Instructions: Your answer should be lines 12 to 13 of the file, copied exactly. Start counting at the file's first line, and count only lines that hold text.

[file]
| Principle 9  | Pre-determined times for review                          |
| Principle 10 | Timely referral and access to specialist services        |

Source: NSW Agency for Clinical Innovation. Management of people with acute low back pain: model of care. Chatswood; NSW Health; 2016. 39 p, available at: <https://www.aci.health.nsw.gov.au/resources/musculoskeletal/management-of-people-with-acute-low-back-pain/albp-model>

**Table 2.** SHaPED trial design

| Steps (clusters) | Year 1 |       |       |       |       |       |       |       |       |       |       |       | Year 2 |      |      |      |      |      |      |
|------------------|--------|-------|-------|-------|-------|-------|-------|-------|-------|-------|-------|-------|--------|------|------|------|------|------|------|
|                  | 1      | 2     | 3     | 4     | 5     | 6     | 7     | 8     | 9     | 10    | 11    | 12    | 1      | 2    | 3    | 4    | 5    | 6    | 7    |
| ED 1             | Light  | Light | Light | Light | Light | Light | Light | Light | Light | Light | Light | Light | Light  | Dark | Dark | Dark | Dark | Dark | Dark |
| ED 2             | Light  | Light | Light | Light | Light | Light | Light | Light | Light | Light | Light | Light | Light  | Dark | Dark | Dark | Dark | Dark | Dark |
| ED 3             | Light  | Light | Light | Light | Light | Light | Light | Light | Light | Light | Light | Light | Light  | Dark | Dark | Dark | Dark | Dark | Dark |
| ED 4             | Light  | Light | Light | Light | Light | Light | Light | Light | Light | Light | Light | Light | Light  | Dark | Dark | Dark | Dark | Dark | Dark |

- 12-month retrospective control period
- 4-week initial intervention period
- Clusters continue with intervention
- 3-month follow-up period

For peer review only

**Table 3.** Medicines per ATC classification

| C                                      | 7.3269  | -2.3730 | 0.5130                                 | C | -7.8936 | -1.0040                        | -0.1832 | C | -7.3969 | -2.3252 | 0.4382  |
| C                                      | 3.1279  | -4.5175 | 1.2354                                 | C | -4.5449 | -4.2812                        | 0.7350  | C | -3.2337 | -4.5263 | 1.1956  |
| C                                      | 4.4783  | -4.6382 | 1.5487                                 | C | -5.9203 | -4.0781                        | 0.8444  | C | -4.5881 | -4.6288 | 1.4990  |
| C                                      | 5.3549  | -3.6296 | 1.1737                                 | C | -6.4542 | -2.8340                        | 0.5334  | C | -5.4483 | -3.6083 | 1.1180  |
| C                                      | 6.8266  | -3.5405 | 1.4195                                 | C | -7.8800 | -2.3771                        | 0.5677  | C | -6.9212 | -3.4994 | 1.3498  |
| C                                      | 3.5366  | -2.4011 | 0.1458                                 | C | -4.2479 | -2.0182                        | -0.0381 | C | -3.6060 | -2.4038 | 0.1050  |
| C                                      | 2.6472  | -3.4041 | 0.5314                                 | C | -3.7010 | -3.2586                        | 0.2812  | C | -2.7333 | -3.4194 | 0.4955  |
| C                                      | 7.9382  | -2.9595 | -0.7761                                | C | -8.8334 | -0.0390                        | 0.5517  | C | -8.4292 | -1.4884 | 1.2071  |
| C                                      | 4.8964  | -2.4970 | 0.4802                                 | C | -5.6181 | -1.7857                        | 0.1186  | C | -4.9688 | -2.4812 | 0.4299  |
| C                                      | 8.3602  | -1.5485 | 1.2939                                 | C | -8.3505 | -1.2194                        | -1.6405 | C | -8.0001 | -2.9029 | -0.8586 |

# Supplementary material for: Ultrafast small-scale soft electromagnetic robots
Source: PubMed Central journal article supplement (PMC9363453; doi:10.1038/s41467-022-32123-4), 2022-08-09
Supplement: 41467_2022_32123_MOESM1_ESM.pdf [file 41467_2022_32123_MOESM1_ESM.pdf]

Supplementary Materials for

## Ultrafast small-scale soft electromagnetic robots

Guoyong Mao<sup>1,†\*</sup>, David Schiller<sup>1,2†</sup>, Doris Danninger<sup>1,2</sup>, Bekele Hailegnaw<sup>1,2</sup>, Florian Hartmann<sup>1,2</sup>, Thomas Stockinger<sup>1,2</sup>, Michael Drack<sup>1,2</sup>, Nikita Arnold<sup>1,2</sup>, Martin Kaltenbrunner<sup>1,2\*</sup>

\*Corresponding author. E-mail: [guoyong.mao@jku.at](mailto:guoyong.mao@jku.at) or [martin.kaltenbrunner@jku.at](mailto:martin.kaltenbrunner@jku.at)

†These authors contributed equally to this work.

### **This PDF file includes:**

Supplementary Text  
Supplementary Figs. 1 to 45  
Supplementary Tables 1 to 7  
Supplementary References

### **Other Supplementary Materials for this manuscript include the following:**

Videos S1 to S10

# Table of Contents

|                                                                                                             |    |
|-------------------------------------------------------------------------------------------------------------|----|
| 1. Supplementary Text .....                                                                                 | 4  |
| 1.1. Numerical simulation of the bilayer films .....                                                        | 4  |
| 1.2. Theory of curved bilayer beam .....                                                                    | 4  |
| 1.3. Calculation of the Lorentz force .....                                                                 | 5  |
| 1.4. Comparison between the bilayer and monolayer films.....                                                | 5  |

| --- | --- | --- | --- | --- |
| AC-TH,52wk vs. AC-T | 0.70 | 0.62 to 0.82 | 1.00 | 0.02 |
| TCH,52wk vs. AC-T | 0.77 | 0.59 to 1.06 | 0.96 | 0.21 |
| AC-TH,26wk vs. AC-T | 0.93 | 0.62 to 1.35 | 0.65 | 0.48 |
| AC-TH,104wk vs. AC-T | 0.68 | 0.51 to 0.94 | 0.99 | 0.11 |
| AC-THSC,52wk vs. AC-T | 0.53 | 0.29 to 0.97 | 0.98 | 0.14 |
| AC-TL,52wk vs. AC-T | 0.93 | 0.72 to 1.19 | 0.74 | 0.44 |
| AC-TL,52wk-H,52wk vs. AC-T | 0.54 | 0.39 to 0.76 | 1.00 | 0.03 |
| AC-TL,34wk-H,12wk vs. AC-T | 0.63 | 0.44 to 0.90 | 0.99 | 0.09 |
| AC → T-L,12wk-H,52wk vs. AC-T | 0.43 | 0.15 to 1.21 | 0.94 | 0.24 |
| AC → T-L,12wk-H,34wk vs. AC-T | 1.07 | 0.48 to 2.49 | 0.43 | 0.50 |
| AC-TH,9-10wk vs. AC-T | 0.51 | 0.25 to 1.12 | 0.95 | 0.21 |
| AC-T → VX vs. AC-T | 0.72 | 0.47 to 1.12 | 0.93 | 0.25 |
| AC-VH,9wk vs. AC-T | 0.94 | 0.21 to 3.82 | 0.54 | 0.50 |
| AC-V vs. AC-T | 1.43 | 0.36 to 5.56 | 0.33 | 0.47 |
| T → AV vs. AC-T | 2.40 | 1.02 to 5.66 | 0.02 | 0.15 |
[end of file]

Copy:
- 12-month retrospective control period
- 4-week initial intervention period